Stephen Armstrong is a journalist and author. He writes extensively for the Sunday Times, the Daily Telegraph and the Guardian. He also appears occasionally on Radio 4 and Radio 2. His books include War PLC, The Super-Rich Shall Inherit the Earth and The Road to Wigan Pier Revisited.

’Tear Gas: From the Battlefields of WWI to the Streets of Today’ with Anna Feigenbaum
Wednesday 31st January, 7pm
Entry £3, redeemable against any purchase

An engrossing century-spanning narrative, Tear Gas is the first history of this weapon, and takes us from military labs and chemical weapons expos to union assemblies and protest camps, drawing on declassified reports and witness testimonies to show how policing with poison came to be.

The story of how a chemical weapon went from the battlefield to the streets.

One hundred years ago, French troops fired tear gas grenades into German trenches. Designed to force people out from behind barricades and trenches, tear gas causes burning of the eyes and skin, tearing, and gagging. Chemical weapons are now banned from war zones. But today, tear gas has become the most commonly used form of “less-lethal” police force. In 2011, the year that protests exploded from the Arab Spring to Occupy Wall Street, tear gas sales tripled. Most tear gas is produced in the United States, and many images of protestors in Tahrir Square showed tear gas canisters with “Made in USA” printed on them, while Britain continues to sell tear gas to countries on its own human rights blacklist.

An engrossing century-spanning narrative, Tear Gas (Verso, 2017) is the first history of this weapon, and takes us from military labs and chemical weapons expos to union assemblies and protest camps, drawing on declassified reports and witness testimonies to show how policing with poison came to be.

Reviews

“A vivid history of the time and also - as good radical accounts should be - a source of encouragement to those fighting all too similar battles today” – Hilary Rose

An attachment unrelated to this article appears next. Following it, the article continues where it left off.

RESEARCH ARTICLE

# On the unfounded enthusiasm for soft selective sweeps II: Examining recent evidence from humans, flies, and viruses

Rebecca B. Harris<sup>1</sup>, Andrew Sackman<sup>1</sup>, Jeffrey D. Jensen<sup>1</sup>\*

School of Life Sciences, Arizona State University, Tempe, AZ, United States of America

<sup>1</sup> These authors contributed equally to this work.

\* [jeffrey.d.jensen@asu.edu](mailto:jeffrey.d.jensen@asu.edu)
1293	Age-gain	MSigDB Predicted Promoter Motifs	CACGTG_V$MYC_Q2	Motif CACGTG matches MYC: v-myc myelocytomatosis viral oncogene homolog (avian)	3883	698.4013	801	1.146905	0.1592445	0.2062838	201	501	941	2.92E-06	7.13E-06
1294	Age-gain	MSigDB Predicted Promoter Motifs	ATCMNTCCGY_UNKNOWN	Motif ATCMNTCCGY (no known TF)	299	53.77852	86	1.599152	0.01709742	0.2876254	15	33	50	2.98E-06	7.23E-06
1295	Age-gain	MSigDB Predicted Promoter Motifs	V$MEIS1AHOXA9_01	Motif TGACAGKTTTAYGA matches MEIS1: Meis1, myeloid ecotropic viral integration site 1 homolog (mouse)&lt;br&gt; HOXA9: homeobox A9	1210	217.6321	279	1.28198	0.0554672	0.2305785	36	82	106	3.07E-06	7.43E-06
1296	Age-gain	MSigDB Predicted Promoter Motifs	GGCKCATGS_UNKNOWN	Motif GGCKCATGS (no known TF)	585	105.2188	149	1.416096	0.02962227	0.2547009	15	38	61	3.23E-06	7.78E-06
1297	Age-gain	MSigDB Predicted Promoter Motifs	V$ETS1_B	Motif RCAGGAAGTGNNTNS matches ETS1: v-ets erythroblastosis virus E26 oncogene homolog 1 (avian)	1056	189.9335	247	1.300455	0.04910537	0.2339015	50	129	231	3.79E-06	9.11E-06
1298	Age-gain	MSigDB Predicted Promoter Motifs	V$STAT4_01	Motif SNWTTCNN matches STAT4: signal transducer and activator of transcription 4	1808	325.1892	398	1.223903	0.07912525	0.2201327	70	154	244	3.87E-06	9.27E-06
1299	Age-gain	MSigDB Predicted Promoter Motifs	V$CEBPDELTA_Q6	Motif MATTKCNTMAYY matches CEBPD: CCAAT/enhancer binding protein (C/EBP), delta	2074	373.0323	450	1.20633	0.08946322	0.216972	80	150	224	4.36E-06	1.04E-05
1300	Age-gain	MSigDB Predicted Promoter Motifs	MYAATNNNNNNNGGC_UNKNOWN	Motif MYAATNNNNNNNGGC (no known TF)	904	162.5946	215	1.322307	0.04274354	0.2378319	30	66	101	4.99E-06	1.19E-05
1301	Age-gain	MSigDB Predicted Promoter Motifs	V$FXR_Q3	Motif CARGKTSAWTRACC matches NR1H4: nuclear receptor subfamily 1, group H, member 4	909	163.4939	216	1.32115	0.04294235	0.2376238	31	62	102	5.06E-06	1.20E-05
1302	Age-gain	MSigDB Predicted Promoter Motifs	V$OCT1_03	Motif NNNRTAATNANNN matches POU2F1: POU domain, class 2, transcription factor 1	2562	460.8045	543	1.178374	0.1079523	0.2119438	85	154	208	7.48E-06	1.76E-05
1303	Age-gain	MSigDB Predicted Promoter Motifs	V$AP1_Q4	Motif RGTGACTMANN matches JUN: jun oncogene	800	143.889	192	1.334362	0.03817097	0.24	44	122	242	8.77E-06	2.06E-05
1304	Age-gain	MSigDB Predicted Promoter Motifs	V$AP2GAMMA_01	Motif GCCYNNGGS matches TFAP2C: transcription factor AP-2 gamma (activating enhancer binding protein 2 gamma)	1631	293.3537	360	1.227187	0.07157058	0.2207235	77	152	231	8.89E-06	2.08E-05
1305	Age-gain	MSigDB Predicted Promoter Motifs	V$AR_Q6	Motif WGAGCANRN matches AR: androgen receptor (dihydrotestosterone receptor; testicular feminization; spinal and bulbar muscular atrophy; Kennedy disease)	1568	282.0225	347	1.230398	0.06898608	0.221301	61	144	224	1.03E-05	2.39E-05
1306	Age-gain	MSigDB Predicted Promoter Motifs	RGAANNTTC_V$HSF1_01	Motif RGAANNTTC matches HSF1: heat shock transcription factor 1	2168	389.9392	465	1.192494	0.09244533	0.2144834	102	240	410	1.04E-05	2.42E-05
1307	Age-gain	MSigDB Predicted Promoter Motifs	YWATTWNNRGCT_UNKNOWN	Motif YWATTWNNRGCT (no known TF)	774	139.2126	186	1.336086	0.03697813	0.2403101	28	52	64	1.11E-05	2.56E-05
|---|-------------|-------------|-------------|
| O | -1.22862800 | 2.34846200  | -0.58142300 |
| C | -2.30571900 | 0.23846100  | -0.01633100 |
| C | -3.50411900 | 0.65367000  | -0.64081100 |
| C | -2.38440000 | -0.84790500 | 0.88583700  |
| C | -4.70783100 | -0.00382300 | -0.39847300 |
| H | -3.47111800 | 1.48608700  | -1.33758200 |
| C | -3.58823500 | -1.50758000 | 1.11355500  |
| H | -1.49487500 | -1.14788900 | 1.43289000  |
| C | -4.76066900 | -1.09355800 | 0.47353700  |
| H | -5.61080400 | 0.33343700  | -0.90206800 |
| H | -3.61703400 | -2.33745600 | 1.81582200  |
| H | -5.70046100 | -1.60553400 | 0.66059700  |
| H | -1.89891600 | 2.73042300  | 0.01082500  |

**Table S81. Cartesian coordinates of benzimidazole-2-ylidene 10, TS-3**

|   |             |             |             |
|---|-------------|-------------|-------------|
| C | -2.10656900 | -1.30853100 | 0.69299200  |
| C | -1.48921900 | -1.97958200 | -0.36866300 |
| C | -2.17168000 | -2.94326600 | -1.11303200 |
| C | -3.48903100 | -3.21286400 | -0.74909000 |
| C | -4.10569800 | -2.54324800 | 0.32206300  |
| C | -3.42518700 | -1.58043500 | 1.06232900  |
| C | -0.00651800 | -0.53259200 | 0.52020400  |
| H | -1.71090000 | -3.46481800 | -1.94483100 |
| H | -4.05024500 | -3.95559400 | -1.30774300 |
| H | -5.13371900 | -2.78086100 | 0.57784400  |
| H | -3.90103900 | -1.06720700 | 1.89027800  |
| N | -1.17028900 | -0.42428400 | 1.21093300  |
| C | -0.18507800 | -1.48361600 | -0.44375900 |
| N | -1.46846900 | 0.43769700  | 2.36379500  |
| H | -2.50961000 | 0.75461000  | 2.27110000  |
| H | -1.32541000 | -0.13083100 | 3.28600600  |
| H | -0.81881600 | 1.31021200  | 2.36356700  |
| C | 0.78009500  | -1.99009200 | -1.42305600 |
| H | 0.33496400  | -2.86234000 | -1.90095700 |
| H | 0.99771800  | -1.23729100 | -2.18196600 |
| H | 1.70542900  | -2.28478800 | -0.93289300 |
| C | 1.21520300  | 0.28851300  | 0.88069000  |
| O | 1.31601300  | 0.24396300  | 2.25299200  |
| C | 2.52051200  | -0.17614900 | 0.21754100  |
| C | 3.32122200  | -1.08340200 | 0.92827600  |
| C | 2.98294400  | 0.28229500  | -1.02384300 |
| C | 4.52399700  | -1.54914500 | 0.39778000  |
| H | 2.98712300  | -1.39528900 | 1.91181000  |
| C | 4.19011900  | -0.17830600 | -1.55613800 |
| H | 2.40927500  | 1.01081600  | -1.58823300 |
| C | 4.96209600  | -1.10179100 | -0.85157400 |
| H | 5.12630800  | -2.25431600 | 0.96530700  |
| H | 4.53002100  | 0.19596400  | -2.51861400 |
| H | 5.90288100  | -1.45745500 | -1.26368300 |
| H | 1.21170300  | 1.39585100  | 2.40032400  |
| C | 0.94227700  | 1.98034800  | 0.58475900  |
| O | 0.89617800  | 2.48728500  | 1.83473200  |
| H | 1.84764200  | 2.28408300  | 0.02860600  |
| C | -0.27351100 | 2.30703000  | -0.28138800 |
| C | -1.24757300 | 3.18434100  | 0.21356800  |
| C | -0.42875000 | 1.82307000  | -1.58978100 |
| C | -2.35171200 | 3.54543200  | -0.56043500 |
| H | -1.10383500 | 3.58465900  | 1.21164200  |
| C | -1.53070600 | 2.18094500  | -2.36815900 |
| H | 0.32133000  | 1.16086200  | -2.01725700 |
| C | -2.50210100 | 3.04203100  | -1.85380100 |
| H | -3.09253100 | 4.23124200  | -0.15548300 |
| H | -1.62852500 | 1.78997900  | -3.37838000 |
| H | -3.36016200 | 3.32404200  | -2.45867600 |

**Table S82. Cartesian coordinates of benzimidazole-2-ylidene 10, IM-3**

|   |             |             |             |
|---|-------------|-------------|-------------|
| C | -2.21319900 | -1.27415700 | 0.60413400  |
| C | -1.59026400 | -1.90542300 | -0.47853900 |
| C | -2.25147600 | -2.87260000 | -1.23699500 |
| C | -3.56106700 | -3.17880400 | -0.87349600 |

“There is something epic about Anna Feigenbaum’s Tear Gas, its scope and intensity, the way that chemistry — the orienting science of the industrial revolution — provides the material to manage that revolution’s epic collapse . . . There is crucial knowledge to be found here.” – Joshua Clover, author of Riot.Strike.Riot

“A passionately argued history of the development and gradual spread of tear gas around the world . . . a clarion call for reassessment of the widespread availability and misuse of tear gas.” – Patrick Wicklen, Researcher on Arms Control and Human Rights at Amnesty International

“Fascinating, deeply researched and lucid . . . We have become so accustomed to the use of tear gas during protests that it comes as a shock when we realize, in reading this book, how little we know about the longer-term effects of what is in some ways a chemical weapon.” – Laleh Khalili, author of Time in the Shadows

About the Author

Anna Feigenbaum is co-author of the book Protest Camps, and her work has appeared in Vice, The Atlantic, Al Jazeera America, The Guardian, Salon, Financial Times, Open Democracy, New Internationalist, and Waging Nonviolence. She is a Senior Lecturer in the Faculty of Media and Communication at Bournemouth University. Her website is www.annafeigenbaum.com. Follow her on Twitter: @drfigtree.